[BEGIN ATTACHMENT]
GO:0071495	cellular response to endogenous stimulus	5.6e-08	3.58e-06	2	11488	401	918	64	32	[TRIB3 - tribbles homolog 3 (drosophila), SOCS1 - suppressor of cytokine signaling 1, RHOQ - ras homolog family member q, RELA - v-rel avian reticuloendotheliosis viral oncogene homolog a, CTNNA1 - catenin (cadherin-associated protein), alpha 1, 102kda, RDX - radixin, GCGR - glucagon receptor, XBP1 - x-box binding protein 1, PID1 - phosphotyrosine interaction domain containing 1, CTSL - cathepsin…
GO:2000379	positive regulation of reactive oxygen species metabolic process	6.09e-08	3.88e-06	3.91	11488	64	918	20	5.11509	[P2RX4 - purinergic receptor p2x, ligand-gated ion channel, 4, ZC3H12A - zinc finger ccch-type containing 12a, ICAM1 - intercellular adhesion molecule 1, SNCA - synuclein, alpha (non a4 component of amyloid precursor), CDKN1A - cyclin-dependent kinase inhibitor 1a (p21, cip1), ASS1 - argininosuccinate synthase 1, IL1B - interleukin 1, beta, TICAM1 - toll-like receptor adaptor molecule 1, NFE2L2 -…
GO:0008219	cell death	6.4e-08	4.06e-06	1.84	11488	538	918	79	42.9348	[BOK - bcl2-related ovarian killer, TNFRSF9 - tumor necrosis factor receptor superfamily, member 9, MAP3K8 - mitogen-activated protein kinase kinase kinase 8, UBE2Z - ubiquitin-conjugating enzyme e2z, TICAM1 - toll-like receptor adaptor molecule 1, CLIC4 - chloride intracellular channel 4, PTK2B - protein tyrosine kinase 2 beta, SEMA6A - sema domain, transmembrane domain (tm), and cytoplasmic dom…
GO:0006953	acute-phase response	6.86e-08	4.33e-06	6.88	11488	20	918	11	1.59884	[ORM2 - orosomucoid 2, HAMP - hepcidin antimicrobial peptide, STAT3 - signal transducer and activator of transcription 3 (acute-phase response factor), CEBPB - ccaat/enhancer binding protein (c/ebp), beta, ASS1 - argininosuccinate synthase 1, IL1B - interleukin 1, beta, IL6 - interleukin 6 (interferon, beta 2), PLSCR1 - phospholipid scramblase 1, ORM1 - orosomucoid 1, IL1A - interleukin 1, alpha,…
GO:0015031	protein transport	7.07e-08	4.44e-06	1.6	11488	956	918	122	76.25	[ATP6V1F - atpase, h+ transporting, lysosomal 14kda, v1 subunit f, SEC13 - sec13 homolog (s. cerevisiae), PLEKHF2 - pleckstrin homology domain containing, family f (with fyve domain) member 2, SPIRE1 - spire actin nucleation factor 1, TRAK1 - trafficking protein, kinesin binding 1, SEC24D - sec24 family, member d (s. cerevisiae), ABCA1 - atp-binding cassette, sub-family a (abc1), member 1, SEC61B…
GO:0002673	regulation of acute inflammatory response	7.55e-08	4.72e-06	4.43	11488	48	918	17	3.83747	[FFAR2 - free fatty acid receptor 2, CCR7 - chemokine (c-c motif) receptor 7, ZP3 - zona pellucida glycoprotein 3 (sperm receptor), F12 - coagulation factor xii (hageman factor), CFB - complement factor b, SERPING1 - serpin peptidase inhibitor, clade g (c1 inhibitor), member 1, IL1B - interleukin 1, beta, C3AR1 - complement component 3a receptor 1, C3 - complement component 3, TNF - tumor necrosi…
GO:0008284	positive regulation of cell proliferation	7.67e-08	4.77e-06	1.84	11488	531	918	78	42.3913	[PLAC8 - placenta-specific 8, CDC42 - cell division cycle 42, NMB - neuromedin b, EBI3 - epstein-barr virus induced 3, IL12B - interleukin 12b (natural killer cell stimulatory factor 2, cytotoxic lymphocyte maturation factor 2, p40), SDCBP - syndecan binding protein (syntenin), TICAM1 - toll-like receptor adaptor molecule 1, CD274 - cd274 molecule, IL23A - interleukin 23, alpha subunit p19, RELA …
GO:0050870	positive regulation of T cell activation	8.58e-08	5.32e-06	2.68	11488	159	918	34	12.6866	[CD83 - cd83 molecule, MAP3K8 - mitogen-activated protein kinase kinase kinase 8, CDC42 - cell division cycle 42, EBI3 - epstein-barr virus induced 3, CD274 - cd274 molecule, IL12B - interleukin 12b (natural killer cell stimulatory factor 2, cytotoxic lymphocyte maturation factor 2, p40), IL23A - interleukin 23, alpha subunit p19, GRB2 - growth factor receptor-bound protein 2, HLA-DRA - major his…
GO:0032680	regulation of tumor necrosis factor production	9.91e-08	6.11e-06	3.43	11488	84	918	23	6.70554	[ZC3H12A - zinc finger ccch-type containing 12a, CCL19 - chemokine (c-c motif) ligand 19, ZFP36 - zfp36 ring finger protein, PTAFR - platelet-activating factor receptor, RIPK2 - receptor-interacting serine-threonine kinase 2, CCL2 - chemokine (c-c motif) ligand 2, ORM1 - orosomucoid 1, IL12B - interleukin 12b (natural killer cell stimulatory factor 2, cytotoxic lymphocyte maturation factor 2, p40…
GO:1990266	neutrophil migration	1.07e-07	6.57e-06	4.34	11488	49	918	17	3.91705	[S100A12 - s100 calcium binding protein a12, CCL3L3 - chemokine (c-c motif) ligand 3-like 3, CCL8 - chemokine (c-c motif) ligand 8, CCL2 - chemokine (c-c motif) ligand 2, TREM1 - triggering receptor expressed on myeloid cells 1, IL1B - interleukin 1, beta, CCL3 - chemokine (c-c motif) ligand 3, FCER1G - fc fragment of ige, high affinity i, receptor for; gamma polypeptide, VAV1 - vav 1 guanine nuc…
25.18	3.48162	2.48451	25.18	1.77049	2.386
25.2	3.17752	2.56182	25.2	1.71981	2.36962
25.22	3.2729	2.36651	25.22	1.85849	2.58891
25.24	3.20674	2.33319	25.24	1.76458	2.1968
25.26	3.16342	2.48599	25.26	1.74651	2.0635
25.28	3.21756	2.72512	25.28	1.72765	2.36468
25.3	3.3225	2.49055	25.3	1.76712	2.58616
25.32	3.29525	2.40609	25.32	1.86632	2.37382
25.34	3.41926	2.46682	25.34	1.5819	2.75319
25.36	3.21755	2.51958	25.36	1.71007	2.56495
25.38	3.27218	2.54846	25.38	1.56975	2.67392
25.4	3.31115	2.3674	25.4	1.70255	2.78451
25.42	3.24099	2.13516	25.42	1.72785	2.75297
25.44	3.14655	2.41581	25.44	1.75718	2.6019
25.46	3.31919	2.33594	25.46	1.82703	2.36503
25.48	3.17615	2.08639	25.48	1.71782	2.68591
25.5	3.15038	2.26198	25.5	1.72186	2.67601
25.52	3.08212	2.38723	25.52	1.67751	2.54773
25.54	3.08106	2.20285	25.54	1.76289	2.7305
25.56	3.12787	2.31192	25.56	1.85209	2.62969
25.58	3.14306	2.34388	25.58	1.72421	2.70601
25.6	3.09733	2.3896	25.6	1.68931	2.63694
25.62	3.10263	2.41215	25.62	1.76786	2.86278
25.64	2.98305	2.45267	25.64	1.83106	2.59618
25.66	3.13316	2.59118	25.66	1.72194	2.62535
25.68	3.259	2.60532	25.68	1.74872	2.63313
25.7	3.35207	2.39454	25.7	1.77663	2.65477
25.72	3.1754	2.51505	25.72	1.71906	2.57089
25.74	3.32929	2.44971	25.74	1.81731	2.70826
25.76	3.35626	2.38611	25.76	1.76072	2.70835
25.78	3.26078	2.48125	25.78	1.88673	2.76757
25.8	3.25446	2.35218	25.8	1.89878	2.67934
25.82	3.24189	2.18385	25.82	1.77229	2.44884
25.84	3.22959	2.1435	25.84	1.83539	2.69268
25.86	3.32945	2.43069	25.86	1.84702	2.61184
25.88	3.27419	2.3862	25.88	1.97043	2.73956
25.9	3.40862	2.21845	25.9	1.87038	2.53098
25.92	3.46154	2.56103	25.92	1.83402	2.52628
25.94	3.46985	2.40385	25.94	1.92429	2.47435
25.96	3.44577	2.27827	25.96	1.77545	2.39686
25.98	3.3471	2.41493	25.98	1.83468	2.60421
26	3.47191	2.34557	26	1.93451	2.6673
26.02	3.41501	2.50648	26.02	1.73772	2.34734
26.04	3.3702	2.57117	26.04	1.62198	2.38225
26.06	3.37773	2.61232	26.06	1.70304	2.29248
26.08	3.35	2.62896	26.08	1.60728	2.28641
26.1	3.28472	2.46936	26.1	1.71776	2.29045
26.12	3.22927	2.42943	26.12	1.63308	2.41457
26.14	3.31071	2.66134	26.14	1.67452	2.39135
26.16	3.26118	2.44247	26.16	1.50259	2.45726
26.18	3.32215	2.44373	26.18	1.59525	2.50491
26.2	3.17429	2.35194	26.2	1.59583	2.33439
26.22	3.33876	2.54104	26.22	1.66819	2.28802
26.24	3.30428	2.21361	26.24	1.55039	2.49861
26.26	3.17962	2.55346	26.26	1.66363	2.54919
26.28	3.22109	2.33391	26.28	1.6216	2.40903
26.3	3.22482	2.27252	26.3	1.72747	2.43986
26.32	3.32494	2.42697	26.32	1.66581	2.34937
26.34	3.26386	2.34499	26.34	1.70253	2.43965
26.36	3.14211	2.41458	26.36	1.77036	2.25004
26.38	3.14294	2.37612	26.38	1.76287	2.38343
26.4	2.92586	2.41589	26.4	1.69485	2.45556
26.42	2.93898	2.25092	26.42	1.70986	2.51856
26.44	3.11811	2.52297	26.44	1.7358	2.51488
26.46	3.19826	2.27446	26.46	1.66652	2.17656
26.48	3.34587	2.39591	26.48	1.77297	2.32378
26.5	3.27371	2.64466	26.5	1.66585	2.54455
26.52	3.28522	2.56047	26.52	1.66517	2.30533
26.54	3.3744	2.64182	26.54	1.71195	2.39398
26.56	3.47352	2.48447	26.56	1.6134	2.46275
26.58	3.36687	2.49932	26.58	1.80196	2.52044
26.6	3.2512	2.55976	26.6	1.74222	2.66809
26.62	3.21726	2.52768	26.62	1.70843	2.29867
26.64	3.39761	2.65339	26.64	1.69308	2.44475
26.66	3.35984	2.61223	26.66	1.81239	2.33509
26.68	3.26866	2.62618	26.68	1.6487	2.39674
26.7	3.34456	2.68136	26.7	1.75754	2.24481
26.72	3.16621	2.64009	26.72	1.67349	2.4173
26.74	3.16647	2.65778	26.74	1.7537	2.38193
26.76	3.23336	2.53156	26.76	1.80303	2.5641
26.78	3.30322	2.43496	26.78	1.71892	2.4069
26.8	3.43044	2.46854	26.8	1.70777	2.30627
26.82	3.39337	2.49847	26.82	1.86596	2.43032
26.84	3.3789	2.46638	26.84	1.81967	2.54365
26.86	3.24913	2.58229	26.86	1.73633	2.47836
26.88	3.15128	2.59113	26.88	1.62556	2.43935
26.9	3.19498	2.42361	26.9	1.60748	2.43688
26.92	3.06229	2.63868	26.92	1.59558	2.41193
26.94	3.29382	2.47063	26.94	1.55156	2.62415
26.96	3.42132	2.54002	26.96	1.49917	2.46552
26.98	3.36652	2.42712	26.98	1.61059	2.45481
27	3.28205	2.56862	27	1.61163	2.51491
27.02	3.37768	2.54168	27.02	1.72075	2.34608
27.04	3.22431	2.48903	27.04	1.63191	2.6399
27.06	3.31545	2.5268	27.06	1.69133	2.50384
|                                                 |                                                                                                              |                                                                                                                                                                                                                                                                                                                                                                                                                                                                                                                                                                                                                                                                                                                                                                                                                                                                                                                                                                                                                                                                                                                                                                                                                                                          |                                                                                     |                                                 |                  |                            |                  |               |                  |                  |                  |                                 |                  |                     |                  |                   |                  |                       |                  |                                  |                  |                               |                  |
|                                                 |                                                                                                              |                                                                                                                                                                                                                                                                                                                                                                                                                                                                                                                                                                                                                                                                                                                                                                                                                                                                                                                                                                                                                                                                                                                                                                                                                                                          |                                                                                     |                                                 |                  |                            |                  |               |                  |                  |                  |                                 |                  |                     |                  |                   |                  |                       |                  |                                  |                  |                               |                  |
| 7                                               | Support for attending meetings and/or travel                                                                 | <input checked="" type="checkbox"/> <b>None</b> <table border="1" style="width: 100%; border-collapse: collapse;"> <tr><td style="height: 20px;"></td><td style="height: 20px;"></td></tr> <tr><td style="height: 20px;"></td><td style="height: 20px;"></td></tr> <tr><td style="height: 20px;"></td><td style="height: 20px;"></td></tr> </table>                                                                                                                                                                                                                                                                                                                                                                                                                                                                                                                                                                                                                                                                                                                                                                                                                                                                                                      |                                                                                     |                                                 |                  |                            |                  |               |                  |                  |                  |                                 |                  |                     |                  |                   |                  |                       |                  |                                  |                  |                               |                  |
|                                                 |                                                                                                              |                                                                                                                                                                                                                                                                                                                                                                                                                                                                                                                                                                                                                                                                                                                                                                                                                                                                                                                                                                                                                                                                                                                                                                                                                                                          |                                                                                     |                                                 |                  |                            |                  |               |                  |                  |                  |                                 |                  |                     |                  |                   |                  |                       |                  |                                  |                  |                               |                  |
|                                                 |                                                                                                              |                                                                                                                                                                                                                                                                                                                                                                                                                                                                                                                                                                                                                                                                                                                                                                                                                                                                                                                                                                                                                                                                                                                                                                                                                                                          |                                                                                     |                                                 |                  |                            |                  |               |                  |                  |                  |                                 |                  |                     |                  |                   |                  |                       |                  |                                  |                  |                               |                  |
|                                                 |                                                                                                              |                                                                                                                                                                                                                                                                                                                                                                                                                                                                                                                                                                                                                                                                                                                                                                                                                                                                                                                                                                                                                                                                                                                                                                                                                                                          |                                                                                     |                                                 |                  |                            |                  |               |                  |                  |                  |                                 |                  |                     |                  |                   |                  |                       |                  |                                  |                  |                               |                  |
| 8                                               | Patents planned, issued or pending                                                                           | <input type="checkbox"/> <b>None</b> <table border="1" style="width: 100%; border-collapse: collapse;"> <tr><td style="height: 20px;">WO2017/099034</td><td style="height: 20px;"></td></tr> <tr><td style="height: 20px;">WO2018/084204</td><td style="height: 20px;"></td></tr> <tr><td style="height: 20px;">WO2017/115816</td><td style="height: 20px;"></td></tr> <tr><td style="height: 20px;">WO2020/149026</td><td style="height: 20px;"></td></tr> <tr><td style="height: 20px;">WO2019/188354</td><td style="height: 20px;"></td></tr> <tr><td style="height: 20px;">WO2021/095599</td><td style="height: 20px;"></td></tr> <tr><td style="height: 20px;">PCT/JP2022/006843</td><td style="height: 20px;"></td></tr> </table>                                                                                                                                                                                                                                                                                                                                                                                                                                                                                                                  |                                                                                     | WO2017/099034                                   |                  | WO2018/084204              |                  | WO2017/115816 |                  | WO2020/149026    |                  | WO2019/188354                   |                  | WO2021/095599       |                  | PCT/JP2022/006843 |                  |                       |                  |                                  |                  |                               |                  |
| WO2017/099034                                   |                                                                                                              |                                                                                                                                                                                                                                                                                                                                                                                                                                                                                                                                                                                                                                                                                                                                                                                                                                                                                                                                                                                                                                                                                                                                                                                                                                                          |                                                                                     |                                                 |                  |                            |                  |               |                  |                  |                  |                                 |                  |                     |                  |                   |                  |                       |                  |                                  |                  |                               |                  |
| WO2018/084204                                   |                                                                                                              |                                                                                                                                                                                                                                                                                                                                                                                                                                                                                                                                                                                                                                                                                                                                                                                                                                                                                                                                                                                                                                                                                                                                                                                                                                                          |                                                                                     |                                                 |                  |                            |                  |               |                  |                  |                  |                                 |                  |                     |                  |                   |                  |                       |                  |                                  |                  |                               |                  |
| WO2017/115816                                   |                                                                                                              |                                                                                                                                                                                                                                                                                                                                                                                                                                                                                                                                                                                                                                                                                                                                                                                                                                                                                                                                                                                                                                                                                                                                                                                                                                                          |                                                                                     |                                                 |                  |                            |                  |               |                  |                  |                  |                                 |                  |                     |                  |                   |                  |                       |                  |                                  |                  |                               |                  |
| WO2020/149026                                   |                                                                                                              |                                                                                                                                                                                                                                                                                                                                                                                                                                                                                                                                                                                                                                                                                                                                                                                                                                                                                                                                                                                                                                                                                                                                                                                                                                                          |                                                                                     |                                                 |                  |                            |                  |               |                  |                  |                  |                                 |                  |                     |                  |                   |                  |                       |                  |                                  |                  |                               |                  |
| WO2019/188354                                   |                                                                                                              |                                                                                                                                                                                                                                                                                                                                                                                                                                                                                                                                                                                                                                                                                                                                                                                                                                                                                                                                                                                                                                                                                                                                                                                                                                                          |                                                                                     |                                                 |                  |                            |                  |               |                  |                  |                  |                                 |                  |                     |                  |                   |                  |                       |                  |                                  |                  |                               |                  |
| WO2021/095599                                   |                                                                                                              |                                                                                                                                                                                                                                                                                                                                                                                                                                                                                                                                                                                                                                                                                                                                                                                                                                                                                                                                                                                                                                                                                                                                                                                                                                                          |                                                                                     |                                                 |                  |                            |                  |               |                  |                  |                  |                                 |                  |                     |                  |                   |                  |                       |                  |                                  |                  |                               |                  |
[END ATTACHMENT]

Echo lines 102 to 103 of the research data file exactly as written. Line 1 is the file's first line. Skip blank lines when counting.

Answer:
27	3.28205	2.56862	27	1.61163	2.51491
27.02	3.37768	2.54168	27.02	1.72075	2.34608